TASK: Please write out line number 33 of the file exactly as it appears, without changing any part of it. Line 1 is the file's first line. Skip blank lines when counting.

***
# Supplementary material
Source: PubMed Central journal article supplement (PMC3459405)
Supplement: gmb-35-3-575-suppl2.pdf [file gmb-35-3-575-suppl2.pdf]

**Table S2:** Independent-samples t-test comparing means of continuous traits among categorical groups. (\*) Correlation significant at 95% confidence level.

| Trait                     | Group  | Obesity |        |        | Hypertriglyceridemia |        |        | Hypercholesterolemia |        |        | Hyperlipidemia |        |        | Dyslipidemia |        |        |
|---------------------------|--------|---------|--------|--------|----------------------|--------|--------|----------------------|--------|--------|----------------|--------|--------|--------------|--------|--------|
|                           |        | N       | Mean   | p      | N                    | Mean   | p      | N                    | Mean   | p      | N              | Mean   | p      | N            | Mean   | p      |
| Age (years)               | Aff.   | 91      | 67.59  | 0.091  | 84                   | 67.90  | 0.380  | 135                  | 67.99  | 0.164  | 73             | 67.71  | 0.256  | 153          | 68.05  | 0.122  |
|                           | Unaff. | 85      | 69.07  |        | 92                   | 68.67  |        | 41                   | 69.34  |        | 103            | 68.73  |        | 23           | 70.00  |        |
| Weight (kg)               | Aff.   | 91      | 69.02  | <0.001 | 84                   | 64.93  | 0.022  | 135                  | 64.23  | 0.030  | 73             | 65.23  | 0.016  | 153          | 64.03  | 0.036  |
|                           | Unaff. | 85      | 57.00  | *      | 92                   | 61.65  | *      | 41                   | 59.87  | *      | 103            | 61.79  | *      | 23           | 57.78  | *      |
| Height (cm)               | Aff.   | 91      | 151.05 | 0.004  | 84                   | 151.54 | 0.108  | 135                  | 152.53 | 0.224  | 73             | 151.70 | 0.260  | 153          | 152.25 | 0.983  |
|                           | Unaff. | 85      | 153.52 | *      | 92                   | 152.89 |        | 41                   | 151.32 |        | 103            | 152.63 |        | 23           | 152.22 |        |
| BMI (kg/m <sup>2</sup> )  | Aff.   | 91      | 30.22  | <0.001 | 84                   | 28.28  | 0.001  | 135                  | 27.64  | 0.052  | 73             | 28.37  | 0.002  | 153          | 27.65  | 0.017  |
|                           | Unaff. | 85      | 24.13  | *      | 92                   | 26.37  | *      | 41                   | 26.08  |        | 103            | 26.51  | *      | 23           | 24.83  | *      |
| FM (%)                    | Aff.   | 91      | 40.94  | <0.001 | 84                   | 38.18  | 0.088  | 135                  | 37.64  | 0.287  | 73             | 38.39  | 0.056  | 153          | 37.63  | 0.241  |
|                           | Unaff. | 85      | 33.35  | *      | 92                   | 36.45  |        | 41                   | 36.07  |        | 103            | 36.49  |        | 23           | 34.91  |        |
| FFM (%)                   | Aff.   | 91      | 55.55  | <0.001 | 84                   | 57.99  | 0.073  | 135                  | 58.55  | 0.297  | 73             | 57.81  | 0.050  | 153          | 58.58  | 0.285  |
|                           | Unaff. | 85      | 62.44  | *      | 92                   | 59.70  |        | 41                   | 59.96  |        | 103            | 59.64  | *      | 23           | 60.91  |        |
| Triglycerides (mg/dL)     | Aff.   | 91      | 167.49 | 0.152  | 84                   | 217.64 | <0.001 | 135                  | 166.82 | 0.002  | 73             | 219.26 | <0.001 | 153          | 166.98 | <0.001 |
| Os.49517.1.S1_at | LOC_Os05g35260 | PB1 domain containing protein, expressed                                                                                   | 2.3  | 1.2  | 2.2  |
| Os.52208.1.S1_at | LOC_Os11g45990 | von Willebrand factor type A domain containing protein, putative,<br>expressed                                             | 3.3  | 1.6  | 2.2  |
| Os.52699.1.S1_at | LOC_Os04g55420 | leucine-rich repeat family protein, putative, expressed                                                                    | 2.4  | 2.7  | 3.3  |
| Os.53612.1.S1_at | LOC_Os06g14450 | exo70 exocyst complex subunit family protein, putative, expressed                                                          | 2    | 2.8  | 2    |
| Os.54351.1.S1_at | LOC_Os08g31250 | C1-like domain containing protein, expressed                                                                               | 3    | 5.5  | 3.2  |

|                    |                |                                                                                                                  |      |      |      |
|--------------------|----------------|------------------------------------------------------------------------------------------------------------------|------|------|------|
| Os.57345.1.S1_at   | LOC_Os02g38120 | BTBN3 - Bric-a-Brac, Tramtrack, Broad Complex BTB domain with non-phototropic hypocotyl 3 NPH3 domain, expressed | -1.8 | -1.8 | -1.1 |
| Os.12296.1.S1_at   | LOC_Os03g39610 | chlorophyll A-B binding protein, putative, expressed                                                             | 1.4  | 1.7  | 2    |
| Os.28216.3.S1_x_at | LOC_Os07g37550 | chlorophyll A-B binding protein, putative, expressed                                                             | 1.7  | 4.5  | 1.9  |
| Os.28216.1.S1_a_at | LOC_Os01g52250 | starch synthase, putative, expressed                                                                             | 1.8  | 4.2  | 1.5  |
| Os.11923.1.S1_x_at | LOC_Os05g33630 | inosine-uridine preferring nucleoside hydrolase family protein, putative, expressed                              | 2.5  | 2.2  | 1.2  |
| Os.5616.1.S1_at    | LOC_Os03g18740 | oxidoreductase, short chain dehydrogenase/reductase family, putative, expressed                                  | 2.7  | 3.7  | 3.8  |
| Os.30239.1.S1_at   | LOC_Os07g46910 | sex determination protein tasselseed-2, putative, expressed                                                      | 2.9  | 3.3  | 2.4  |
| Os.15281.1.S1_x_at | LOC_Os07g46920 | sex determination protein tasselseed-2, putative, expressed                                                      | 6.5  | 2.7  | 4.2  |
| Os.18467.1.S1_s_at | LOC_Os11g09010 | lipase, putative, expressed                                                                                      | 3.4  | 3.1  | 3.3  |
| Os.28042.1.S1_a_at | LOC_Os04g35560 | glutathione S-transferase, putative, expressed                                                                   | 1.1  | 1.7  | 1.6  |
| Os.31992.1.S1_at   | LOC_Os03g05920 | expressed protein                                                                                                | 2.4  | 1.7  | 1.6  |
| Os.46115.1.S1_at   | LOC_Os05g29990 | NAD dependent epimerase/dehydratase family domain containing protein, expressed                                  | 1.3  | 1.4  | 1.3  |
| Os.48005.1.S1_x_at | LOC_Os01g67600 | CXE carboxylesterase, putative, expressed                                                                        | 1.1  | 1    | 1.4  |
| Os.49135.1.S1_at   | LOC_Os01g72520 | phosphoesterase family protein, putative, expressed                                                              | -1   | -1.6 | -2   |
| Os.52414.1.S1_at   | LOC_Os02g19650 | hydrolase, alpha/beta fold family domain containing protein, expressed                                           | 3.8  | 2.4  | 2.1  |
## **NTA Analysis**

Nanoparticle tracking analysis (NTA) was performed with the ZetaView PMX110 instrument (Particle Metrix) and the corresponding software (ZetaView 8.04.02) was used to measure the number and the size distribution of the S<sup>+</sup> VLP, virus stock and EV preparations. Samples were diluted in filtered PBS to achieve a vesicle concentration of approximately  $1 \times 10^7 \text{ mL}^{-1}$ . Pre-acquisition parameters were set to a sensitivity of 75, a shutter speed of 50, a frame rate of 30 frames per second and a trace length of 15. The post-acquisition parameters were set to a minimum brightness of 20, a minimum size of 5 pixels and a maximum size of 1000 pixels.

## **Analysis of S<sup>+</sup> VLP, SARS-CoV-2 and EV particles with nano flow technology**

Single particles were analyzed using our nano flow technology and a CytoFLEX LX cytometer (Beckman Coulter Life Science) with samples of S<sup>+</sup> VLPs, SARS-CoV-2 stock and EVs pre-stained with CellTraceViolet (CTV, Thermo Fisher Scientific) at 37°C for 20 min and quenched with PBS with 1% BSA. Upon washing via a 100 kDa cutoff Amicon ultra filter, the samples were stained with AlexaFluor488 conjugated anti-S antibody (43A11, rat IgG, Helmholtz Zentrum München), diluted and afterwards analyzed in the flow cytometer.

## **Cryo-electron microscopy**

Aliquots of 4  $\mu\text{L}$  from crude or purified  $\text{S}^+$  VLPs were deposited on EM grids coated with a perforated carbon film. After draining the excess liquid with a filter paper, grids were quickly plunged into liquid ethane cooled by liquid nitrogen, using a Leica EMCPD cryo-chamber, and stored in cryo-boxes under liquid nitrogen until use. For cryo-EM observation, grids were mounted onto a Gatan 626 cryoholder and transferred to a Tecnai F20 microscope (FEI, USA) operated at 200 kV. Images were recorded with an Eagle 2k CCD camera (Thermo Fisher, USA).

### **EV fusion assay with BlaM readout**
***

| Os.5616.1.S1_at    | LOC_Os03g18740 | oxidoreductase, short chain dehydrogenase/reductase family, putative, expressed                                  | 2.7  | 3.7  | 3.8  |